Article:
Three Ways Research Has Changed Education Policy

Research has played an influential role in shifting U.S. federal education policy, resulting in three fundamental changes. Jane Hannaway, AIR vice president and the director of the National Center for Analysis of Longitudinal Data in Education Research (CALDER), identified these changes in the keynote address at an international conference on education:

AIR/CALDER Researchers in RomePictured (L to R): David Figlio, Jacob Vigdor, Jane Hannaway, Michael Hansen, Helen Ladd, Zeyu Xu“The first shifted the unit of accountability from schools to teachers. The second shifted teacher policy from input to output. The third shifted accountability based on student academic performance levels to accountability based on student academic gains,” said Hannaway.

Hannaway argued that these shifts are informed by three key highly replicated research findings: “1) Teachers are the most important school factor influencing student performance; 2) the variation in productivity among teachers is large, and 3) the variation in teacher effectiveness within school is at least as large as the variation between schools." Hannaway also addressed the concerns about how schools and teachers respond to accountability pressure and how to make teacher evaluation measures fair and reliable.

AIR/CALDER researchers Michael Hansen and Zeyu Xu—along with CALDER researchers from our partner universities, including Rodney Andrews of University of Texas at Dallas, David Figlio of Northwestern University and Jacob Vigdor of Duke University—presented papers at the conference, “Improving Education Through Accountability and Evaluation: Lessons from Around the World,” held October 3-5, 2012 in Rome, Italy. The conference was hosted by the Italian National Institute for Educational Evaluation (INVALSI) in partnership with the Association for Public Policy Analysis and Management (APPAM), AIR, and the University of Maryland School of Public Policy.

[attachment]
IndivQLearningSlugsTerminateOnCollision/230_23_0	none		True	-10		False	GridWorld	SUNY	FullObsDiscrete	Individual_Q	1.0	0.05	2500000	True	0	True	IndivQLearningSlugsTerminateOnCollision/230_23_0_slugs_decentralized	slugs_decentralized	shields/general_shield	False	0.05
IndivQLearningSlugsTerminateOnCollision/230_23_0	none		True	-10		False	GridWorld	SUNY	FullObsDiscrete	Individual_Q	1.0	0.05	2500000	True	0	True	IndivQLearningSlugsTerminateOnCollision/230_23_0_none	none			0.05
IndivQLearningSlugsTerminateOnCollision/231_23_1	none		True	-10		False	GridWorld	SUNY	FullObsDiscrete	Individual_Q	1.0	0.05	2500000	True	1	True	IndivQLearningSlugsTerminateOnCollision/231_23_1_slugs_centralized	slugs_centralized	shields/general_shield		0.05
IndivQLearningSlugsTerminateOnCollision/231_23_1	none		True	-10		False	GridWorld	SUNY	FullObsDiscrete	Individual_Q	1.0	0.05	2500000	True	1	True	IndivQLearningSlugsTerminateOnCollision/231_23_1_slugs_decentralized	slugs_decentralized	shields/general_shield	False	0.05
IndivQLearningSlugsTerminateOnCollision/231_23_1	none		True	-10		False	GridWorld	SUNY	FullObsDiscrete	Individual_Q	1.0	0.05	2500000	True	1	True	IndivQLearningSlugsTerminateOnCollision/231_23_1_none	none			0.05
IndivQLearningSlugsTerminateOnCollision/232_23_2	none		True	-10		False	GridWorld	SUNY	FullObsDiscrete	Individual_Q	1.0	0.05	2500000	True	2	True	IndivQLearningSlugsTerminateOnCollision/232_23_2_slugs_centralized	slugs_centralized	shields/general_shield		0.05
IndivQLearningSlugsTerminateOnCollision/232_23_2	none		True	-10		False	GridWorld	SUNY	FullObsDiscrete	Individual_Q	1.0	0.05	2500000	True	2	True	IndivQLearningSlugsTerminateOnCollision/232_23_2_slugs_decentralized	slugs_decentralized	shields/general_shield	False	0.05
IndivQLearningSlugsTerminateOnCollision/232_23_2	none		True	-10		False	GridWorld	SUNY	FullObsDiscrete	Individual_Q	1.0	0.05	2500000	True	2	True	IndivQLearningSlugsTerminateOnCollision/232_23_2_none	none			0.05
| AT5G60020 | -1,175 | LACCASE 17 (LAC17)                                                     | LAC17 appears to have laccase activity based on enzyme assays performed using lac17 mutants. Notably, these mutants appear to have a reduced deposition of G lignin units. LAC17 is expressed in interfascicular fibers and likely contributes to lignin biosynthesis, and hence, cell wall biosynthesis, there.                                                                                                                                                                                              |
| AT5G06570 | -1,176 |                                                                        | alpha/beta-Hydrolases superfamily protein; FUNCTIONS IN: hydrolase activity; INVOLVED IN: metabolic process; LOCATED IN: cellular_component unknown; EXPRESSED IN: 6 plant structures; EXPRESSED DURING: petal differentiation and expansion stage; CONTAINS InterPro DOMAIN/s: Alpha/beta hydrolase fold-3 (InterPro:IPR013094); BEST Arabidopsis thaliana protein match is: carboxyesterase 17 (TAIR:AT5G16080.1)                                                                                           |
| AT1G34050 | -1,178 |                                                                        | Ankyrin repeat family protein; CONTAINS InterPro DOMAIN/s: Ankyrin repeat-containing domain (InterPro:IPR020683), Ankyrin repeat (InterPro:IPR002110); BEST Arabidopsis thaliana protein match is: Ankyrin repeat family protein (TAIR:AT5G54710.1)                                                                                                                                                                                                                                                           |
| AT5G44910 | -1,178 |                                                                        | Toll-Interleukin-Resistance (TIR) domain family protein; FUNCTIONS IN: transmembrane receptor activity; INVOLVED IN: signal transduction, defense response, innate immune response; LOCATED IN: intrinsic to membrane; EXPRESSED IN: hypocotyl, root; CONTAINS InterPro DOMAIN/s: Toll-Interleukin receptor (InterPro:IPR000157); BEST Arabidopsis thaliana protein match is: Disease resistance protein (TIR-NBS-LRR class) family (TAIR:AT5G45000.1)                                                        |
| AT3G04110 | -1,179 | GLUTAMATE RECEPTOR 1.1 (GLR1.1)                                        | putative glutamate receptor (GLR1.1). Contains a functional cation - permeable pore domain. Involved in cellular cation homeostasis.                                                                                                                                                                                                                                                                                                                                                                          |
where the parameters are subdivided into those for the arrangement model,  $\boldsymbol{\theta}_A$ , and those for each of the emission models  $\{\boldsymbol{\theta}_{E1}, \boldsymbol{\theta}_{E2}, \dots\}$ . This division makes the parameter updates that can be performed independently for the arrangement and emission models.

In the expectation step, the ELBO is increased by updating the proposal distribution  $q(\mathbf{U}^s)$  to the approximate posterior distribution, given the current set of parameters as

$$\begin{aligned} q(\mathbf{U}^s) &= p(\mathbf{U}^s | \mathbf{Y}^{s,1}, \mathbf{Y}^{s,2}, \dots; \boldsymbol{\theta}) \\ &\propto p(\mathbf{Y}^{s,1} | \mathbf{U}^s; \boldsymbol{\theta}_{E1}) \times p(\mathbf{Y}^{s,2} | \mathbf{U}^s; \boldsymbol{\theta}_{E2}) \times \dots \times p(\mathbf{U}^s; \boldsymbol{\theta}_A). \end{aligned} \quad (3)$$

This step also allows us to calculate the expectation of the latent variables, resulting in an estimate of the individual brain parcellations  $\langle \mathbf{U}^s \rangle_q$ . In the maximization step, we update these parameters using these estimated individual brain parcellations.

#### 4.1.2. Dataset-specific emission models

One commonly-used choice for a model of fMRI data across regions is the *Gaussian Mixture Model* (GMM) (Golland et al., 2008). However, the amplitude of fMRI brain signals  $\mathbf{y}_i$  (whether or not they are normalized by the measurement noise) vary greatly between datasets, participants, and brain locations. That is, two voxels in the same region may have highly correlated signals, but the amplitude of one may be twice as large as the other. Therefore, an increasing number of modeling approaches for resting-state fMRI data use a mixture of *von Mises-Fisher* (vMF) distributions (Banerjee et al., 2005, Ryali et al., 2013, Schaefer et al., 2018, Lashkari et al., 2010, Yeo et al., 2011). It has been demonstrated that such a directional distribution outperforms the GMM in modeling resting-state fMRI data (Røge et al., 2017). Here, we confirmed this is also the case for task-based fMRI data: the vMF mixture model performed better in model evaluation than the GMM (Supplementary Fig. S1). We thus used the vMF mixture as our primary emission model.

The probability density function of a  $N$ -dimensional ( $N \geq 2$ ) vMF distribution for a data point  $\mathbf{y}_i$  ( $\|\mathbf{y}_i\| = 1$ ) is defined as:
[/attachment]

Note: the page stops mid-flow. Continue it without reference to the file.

The conference is a part of an effort to encourage international education research collaboration. Helen Ladd, a CALDER Researcher from Duke University, also gave a keynote speech entitled, “School Accountability and Monitoring Systems: Insights from the U.S. and Other Countries.”

Researchers from the conference met again at the APPAM meetings this month to pursue avenues for greater international exchange and collaboration.